Sally didn’t read the return policies before she ordered, but is happy to find them placed as a link next to her order history. The return policies are easy to understand, and show a graphical step-by-step description how to return the items, and some examples of when it is possible to return items and when not.

As described in the first step, Sally accesses her order on the retailer page and chooses the items to return.

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  1. Request the return reason and use it to optimize your services and system

Sally is asked for the return reason upon confirming that she wants to return the selected items, knowing the return reasons enables you as a company to optimize your processes. For example, if customers constantly order the wrong size, additional help on how to choose the right size on the product detail page might help to reduce your returns.

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Econsultancy shares several real-world examples of how fashion retailers reduced their returns by providing a sizing solution.

  1. Allow the customer to choose between “Click & Recollect” and return by mail

Sally enters that she ordered the wrong size for the t-shirt. On selection the system automatically suggests the nearest store with the sizes available based on her postcode, and the availabilities stored in the system, along with a short overview of the advantages such as being able to try it on immediately.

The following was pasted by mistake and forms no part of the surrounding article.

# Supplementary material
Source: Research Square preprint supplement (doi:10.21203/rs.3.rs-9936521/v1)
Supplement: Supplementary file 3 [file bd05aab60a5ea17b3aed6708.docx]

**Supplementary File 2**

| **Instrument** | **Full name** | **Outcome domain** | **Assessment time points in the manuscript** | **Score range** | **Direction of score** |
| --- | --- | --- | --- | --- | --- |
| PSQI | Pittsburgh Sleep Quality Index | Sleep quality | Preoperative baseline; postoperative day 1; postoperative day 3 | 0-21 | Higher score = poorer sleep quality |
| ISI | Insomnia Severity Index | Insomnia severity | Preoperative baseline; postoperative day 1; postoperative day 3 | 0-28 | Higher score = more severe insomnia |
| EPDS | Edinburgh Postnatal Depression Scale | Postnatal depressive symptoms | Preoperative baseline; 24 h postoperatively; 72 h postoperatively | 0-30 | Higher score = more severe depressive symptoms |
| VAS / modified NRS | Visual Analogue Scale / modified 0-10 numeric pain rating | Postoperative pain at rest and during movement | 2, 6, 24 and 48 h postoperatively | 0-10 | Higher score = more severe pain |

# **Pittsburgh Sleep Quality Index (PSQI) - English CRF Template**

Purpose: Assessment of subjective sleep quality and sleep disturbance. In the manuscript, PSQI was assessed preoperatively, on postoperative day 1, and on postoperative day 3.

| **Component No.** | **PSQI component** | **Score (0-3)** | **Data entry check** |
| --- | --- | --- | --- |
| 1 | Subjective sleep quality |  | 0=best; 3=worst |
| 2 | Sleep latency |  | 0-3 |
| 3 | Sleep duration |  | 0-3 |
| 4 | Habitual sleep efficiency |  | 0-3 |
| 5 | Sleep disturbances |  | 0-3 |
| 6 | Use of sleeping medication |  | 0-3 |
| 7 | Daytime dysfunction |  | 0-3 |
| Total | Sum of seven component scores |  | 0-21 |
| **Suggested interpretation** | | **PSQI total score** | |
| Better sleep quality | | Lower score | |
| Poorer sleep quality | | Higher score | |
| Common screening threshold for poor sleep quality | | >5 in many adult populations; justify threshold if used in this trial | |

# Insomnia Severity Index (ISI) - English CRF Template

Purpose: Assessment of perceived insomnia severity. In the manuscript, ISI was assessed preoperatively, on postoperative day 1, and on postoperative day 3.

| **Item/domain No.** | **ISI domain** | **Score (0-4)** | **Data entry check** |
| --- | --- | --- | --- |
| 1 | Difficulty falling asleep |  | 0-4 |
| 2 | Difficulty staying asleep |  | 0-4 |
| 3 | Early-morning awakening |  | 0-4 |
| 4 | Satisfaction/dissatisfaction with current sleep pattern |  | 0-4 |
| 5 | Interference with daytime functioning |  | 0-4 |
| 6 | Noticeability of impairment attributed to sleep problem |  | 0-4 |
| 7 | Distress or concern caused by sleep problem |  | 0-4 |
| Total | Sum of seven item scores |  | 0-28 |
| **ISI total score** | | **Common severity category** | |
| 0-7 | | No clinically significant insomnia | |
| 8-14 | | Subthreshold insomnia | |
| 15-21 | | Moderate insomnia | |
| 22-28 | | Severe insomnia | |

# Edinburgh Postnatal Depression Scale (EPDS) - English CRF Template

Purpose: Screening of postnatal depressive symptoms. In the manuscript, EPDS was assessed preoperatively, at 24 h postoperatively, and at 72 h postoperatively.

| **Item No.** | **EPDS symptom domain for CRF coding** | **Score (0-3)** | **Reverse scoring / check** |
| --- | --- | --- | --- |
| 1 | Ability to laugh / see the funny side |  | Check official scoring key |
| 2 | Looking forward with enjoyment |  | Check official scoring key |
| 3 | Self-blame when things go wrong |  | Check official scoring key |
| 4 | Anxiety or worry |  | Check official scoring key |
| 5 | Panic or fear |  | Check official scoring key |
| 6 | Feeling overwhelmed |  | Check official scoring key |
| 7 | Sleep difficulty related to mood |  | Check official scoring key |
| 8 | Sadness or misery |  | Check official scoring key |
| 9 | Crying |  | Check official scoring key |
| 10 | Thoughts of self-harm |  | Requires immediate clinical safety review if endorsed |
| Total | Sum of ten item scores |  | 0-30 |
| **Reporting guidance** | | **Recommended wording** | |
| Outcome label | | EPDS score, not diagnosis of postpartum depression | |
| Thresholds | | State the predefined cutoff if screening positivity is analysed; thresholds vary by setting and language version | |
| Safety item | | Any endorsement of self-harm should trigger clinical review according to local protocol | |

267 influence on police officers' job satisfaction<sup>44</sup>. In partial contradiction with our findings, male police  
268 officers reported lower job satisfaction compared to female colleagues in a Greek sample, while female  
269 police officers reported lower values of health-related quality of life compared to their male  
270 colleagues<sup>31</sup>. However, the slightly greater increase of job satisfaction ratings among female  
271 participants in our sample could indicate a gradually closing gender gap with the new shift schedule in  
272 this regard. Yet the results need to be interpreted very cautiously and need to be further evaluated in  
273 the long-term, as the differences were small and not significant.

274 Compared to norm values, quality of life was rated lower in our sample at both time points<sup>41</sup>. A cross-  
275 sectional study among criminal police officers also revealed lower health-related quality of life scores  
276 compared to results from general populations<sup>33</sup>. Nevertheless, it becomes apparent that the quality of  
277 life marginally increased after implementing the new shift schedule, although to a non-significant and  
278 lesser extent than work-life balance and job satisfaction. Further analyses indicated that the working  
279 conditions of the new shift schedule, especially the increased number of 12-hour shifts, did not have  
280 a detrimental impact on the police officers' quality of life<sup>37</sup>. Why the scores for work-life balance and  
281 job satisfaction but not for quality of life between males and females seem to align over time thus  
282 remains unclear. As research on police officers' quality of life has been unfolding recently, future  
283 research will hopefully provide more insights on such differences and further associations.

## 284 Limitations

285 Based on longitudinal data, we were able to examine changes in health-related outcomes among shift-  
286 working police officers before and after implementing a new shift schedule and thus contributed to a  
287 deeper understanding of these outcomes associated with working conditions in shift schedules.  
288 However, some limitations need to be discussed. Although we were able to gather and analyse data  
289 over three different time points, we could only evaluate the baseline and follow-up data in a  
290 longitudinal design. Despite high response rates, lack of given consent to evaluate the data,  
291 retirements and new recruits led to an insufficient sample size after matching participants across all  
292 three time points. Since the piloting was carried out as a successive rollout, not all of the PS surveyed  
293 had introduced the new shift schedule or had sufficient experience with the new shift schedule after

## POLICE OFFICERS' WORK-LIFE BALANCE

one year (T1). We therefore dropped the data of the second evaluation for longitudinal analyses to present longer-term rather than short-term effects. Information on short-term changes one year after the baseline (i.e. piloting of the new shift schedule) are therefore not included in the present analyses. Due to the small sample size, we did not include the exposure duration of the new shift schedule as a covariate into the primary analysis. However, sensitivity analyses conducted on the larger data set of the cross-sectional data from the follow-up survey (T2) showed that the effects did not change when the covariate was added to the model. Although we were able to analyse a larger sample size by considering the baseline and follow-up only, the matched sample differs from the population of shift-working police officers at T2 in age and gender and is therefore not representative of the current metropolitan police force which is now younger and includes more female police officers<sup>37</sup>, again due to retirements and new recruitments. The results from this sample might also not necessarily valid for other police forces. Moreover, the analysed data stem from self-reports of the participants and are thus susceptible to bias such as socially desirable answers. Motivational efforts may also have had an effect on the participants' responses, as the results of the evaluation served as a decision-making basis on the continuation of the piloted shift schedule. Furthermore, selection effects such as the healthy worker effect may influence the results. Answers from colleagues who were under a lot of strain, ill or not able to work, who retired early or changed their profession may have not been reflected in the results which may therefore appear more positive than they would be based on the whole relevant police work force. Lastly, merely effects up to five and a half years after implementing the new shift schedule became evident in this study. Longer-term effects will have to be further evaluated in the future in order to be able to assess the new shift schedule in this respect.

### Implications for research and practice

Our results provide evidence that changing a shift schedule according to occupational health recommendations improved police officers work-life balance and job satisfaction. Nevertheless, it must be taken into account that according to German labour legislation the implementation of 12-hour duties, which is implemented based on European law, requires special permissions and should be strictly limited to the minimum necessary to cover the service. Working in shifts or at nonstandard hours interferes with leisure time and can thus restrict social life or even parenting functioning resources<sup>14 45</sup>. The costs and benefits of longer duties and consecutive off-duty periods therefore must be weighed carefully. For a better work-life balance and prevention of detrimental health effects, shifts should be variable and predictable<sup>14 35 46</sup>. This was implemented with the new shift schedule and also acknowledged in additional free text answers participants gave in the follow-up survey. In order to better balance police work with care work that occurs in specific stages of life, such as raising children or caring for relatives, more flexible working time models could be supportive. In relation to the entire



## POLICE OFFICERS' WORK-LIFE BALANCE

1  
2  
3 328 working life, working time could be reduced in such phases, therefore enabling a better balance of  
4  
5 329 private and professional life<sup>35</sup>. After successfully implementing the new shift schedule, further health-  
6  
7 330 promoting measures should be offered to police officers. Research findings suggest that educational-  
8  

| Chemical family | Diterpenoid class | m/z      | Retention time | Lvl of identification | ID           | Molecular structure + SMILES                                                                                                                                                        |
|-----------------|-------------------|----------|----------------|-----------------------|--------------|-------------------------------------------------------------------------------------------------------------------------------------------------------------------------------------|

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  1. Make the customer’s life easier by providing the return label or even a digital solution

As the shop is relatively close but not in an area she frequently visits, Sally chooses to return by post. Luckily the system allows her to print out the return label again or send it to her mobile device as a QR-code, as she already tossed the provided return label.

Sally chooses to download the QR-Code, and the logistics provider scans the QR-Code and prints out the return label. Some logistics providers such as Hermes already provide this service. While other services like Shyp will pick up the items for return, safely package them and send them with the best-priced carrier, all managed through its mobile app.